Matt Perger raised an interesting point in relation to the article posted by James Hoffman: ‘’Most of the time it’s [Geisha] pretty “meh”. But there are certainly some Geishas that -when roasted well- are obviously superior. That said, I’ve had Kenyans for 1/5th the price that are just as good or better!’’

-Geisha coffee, sourced from San Alberto, by April Coffee Roasters-

 

We decided to use two different coffees, both would remain anonymous until I had sampled each in a V60. I also made sure that I paid consumer price for it so that I would feel the same loss any customer would if they hadn’t experienced quite what they were looking for.

 

The first one was well balanced, it smelt slightly jasmine-like, and had delicate undertones of peach. I caught an incredibly dainty earl grey characteristic to it. To be honest, I had kind of puzzled it together. This ought to be the Geisha. It was really underwhelming. I was hugely disappointed. I know there are many factors that might contribute to how a coffee is experienced, but I am well acquainted with most of these variables and dismissed the possibility of them influencing the overall flavour of the beverage to maintain integrity of the whole experiment and remain objective.

 

I might have had too high of an expectation for it, but I was fairly let down. Hoffman writes: “Personally I’ve struggled to enjoy just about every lot of Geisha I’ve ever cupped and consumed. I’ve never had that “a-ha!” moment, it has never seemed revelatory to me. I think that many people roast to maximise a floral characteristic that leads to a heady cup that is great on the cupping table but I’m unable to finish a cup because it lacks real sweetness, and the astringency is just wearing me down.’’

 

Although I’m not 100% sure about how this coffee was roasted, this resonates with me.  I was expecting this incredible moment where my jaws clench and I faint with an overflow of flavour too strong to keep my heart pumping blood into my veins – I know, a bit overexaggerated but paying for it, and reading about it had created that expectation. Is it wrong? I don’t think so. The hype train failed me.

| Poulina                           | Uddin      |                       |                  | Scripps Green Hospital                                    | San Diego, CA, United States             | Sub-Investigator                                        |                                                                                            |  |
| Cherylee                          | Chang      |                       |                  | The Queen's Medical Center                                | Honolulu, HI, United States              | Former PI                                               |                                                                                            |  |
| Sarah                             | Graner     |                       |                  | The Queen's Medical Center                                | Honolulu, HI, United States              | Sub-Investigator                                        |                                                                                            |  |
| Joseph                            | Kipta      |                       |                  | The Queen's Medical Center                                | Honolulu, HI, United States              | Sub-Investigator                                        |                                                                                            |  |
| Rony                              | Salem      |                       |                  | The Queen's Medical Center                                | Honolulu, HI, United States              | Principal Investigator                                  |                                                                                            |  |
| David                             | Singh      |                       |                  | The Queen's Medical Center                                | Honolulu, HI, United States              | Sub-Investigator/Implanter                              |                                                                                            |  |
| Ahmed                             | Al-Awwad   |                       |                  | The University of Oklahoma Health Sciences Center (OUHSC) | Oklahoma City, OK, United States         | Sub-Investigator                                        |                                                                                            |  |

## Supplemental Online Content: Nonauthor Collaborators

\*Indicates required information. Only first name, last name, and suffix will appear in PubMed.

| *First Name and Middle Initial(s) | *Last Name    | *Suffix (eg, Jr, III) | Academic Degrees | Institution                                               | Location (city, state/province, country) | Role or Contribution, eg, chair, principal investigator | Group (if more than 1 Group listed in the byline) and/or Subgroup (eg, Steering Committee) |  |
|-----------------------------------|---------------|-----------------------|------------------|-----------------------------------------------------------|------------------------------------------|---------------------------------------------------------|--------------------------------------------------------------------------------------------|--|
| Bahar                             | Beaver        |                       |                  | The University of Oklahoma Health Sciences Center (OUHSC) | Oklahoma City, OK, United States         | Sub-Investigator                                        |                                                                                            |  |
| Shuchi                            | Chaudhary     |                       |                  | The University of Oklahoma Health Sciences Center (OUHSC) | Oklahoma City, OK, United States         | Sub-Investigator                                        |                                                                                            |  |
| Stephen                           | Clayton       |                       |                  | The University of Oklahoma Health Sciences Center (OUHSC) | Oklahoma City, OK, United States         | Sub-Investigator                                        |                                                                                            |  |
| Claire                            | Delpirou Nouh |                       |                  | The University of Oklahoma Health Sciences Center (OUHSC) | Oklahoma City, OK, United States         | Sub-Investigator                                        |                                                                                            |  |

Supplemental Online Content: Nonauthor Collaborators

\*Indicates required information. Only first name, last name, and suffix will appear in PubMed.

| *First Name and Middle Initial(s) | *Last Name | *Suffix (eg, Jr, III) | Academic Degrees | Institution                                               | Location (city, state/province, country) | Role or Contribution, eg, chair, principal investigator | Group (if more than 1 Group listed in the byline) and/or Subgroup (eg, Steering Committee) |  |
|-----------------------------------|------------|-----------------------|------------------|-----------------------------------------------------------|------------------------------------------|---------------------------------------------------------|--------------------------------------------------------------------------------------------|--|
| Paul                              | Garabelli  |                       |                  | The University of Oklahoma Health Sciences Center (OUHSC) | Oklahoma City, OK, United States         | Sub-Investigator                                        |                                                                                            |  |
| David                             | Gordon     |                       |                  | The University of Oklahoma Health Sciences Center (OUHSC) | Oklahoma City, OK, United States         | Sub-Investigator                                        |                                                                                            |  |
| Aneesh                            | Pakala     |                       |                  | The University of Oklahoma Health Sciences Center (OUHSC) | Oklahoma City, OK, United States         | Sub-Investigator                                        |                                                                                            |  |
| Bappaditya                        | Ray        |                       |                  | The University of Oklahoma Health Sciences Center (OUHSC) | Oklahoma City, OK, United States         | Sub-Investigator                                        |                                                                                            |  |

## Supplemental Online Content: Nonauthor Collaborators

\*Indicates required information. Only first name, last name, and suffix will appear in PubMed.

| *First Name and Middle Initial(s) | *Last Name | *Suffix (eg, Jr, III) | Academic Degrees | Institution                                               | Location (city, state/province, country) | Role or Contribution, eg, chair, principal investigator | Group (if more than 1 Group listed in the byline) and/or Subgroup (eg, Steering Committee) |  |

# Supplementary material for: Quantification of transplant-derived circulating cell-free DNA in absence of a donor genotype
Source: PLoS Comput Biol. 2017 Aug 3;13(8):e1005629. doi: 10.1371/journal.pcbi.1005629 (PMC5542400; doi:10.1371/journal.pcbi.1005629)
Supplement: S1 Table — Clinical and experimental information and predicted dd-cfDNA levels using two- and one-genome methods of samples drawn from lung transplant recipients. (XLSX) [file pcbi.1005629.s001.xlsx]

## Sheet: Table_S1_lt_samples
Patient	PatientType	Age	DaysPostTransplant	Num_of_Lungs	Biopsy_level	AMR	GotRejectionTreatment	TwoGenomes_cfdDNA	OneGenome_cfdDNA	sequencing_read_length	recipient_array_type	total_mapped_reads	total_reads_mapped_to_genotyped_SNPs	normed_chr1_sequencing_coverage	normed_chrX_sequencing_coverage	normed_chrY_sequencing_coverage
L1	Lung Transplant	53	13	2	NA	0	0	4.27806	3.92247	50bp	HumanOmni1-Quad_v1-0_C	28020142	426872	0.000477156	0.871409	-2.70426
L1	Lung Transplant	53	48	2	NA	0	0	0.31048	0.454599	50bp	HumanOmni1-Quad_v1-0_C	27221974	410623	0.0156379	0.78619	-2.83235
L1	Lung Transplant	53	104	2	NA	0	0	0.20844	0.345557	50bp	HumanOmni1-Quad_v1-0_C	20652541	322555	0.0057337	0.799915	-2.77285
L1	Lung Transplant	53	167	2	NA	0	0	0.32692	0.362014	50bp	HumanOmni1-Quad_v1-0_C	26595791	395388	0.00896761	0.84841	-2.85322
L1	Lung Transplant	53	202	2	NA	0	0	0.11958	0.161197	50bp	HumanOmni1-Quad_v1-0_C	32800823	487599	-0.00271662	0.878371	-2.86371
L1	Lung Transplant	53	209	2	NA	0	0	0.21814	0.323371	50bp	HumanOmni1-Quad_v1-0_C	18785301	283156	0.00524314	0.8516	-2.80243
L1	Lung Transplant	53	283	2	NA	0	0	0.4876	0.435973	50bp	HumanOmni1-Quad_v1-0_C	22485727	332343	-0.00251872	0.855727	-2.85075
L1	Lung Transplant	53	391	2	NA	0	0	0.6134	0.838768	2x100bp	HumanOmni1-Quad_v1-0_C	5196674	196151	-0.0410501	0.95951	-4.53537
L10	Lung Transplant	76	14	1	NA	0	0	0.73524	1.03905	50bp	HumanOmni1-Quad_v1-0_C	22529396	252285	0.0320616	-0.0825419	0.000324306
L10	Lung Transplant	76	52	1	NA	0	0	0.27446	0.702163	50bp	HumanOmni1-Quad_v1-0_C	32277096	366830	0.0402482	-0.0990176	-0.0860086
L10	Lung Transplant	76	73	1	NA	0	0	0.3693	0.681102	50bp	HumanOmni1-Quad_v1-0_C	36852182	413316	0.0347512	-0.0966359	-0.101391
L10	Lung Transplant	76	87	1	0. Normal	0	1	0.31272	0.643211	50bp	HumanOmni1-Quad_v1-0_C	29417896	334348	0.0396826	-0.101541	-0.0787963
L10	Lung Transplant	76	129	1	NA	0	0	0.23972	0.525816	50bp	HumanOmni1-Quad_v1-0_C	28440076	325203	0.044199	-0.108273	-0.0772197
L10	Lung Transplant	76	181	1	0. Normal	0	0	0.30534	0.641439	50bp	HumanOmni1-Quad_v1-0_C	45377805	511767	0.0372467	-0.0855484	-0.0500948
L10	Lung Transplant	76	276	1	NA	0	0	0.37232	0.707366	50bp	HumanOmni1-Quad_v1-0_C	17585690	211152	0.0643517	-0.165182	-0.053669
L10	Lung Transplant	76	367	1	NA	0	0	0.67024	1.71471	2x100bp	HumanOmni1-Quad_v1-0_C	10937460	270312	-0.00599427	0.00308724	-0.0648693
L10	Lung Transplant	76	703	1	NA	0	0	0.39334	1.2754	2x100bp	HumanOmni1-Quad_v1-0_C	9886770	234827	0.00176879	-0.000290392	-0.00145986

I reiterate, this could be due to a magnitude of factors, but to remain as objective as possible, I decided to try to neglect these factors as much as possible.

 

I think it’s important to remember that coffee can also often be incredibly subjective. I could have never sipped a cup of coffee in my life and I would have still had some sort of bias towards something. We’re human; nothing can ever be fully objective.

 

I do not want to speak negatively about Geisha. I can promise from trusted reviews that Geisha coffee has the potential to be incredible. I mean… It must be amazing for it to be kind of the standard for competing over the past few years.

 

Matt Perger’s statement summarises my experience almost perfectly. The second coffee, which was a Caturra, sourced from Colombia Buenavista by April Coffee Roasters was spectacular. Well pronounced berries and vanilla throughout the whole beverage, however the vanilla was less pronounced.

 

In my opinion, having paid the price I did for the Geisha, I will recommend it – but to try. I am yet to try a Geisha that completely busts the budget, but in comparison with the Caturra Buenavista, it fell slightly short.

 

Why is Geisha so expensive? Well… I think its reputation is a massive reason, but the general quality is justifying the price (not fully in my opinion) as well as the processes devoted to preserving its quality – however one can always argue that similar processes if not the same processes are used to preserve other varietals.

 

There’s so much to add, but that’s it for today!

 

Best Regards,

Jacques.

 

Jacques wrote this post for Barker St, you can visit Jacques website at www.jacquesvanwyngaard.com or visit his instagram at @cfc_jacques